This article is about Co-enzyme Q10 (CoQ10) and statins. Read this post before trying any CoQ10 supplements.
Updated on 1/12/2020
The number of people taking CoQ10 supplements has steadily increased. Some suggest that this product may affect a variety of conditions, including blood pressure and statin (a cholesterol-lowering medication) induced muscle pain.
In this article I’ll answer the following question:
Do we have enough evidence that CoQ10 works (improves muscle pain) and that the benefits justify its cost?
But first, let me ask you a question.
CoQ10 was first isolated from which one of the following?
Frederick Crane of Wisconsin, USA isolated CoQ10 first time from a cow heart in 1957.
CoQ10 is a potent antioxidant, a cell membrane stabilizer, and an essential co-factor for the lungs.
Similarly, it helps generate energy. All human cells contain Co-enzyme Q10, with the highest amounts found in the heart, liver, kidney, and pancreas.
This co-enzyme is measured by high-performance liquid chromatography (HPLC).
It’s fat-soluble and transported by lipoprotein particles in the circulatory system.
What are the lipoproteins?
These particles are a combination of lipid (fat) and protein and help fats to move through a watery environment.
Research suggests that statins reduce plasma CoQ10.
Statin therapy can reduce plasma CoQ10 concentrations by up to 54%.
The adult reference interval for plasma/serum CoQ10 is approximately 0.5 – 1.7 micromol/L.
How about CoQ10 supplements?
Different brands of CoQ10 supplements are on the market; however, due to lack of standardization, the formulation of these supplements can be significantly different.
The variability of supplements and their bio-availability (the degree that a drug or supplement is absorbed) is based on whether they’re dry powder capsules or dispersed in oil.
Also, the amount of absorbed CoQ10 can vary from person to person.
CoQ10 and food
CoQ10 is produced in the body and can also be obtained from food.
Fish (tuna, salmon, sardines, and mackerel), meat, and vegetable oils are good sources of CoQ10 in food.
Food sources of coenzyme Q 10
- Canola oil
Meat products are the largest source of CoQ10 in a person’s diet.
CoQ10 and statins
Cholesterol-lowering medications, specifically statins, are effective and safe drugs that reduce the risk of cardiovascular disease (heart attack and stroke).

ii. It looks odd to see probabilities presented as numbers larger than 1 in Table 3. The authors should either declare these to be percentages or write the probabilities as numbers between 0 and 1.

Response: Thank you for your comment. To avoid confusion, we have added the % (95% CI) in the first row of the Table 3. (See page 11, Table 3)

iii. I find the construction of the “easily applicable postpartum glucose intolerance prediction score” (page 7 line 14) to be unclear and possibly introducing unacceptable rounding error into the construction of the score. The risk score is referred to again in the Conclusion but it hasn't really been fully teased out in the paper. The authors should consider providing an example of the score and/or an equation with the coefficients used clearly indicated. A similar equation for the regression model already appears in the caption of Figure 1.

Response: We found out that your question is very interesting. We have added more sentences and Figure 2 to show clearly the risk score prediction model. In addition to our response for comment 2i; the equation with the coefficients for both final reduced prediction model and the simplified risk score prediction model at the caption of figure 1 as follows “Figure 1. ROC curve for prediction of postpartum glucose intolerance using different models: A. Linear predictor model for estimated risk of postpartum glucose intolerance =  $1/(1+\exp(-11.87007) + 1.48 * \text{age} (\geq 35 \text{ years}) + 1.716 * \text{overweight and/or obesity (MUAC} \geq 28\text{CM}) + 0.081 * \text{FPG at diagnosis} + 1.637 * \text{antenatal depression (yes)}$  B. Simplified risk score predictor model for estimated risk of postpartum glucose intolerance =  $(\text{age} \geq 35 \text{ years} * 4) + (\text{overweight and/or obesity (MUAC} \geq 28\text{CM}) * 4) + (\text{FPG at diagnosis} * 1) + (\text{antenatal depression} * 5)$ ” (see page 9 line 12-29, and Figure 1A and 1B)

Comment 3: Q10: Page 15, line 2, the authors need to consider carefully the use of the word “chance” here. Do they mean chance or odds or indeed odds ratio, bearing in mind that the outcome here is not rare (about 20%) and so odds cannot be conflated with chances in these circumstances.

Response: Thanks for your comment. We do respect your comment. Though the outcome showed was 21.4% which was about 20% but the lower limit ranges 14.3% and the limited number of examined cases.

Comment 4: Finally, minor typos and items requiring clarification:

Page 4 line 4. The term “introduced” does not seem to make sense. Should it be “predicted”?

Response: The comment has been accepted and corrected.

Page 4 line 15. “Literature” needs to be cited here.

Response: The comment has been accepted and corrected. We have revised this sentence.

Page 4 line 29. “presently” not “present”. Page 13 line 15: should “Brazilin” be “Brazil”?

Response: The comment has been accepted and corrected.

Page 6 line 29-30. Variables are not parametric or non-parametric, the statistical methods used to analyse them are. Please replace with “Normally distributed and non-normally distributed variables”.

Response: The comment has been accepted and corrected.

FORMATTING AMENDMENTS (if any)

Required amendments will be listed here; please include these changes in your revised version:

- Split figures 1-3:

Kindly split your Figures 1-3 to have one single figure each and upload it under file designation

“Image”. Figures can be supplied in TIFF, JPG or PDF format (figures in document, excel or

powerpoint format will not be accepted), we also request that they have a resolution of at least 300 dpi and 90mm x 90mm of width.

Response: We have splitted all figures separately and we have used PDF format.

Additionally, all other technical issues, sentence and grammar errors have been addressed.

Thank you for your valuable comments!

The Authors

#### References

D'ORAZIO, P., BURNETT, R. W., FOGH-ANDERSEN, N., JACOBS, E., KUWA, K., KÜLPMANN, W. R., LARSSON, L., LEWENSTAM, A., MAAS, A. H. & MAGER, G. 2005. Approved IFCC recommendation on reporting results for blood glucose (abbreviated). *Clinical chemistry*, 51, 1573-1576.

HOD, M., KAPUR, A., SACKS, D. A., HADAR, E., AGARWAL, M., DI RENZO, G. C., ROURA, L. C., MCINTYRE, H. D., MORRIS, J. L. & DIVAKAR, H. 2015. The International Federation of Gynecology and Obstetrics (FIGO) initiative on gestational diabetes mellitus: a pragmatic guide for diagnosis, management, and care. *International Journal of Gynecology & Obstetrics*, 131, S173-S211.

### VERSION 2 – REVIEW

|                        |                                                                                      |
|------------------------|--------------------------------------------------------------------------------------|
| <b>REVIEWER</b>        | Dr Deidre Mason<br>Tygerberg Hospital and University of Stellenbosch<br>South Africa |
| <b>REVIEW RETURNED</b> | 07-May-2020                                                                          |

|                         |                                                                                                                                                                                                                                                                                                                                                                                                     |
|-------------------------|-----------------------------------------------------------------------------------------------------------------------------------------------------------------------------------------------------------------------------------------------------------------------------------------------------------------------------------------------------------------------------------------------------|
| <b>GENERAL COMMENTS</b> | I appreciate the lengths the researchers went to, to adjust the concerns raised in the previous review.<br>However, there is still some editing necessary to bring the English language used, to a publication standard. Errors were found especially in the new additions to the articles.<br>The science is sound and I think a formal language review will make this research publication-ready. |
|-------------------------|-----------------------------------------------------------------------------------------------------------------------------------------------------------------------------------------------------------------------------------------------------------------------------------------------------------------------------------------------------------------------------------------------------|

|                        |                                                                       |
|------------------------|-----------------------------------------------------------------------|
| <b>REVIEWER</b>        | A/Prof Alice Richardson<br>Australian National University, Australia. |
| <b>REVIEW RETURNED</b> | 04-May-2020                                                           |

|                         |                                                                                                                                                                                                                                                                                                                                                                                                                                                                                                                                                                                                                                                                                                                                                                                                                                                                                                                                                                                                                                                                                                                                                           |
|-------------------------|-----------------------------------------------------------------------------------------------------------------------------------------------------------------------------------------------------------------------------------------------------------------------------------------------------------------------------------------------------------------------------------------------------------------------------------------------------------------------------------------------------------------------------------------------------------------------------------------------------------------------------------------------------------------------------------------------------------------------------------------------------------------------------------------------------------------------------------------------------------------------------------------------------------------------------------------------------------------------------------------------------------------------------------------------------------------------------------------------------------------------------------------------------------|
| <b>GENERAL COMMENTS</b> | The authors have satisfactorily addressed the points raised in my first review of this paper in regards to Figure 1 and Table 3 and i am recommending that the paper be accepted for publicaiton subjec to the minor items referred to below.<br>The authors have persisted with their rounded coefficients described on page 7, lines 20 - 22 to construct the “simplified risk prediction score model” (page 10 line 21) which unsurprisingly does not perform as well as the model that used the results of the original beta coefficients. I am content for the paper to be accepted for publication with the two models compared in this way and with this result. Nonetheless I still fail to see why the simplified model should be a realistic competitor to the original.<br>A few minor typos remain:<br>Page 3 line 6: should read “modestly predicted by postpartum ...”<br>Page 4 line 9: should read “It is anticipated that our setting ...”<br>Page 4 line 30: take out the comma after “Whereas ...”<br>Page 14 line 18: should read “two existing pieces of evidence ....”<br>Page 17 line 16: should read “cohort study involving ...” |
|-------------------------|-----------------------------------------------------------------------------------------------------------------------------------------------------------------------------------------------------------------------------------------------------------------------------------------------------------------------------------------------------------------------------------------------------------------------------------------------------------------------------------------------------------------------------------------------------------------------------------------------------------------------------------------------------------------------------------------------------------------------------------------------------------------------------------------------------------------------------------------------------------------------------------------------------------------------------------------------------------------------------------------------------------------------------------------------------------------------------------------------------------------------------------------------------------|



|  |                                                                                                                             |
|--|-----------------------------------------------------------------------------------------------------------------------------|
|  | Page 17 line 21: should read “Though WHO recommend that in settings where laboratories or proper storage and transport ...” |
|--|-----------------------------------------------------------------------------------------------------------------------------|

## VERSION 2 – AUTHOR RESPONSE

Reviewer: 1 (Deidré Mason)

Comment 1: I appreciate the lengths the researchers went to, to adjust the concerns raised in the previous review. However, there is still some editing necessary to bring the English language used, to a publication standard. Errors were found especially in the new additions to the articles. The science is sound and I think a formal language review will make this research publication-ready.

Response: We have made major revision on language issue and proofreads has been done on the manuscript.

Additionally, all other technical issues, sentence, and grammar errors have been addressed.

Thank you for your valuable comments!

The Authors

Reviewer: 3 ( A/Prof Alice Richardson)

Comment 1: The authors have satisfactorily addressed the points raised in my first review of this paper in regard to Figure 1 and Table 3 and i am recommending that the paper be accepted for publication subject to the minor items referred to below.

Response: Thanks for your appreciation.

However, statin therapy could have side effects as well, ranging from muscle pain and weakness to a breakdown of muscle fibers.
Muscle pain or weakness, involving a rise in the normal blood creatine kinase levels (CK); typically occurs in fewer than one in 10,000 patients on standard doses.
However, the severity of the above adverse effect varies depending on the dosage, kidney and thyroid function and the interaction with other medications.
Muscle break down is rarer but carries the risk of kidney failure. The cause behind the muscle pain and discomfort in those taking statins is unclear.
A study in 2007 had suggested that CoQ10 supplementation may relieve the muscle pain associated with starting statin therapy.
However, another study published in 2007, didn’t find any improvement in muscle pain and discomfort with CoQ10 supplementation, even though the patients in this study took a higher dosage.
Does CoQ10 lower blood pressure?
Few trials found some evidence that consumption of CoQ10 (100-200 mg per day) could reduce the blood pressure.
Coenzyme Q10 benefits
Unsubstantial evidence suggests that coenzyme Q10 might be useful in treating the following conditions.
- High blood pressure
- Congestive heart failure
- It might reduce the risk of some complications of heart bypass surgery
The most common Coenzyme Q 10 side effects include diarrhea, nausea, suppressed appetite, heartburn, and abdominal discomfort.
CoQ10 during pregnancy
CoQ10 hasn’t been tested on pregnant or breastfeeding women. Therefore, pregnant women should stop and/or avoid taking CoQ10 during pregnancy.
CoQ10 and statins-Bottom line
Few studies suggest that cholesterol-lowering medications (especially statins) –can reduce the production of CoQ10 in the cells, resulting in decreased plasma concentration.
But other studies haven’t confirmed these findings.
Currently, we don’t have sufficient evidence in support of taking CoQ10 for the treatment or prevention of statin-related muscle pain.
Nevertheless, if taking this supplement helps a patient who needs the statin therapy, to remain on this medication, then so be it.
Otherwise, based on current research, longer-term treatment with CoQ10 to treat statin-induced muscle pain or weakness can’t be recommended.
Now is your turn,
What is your opinion and experience with CoQ10? Go to the comments section and tell me more.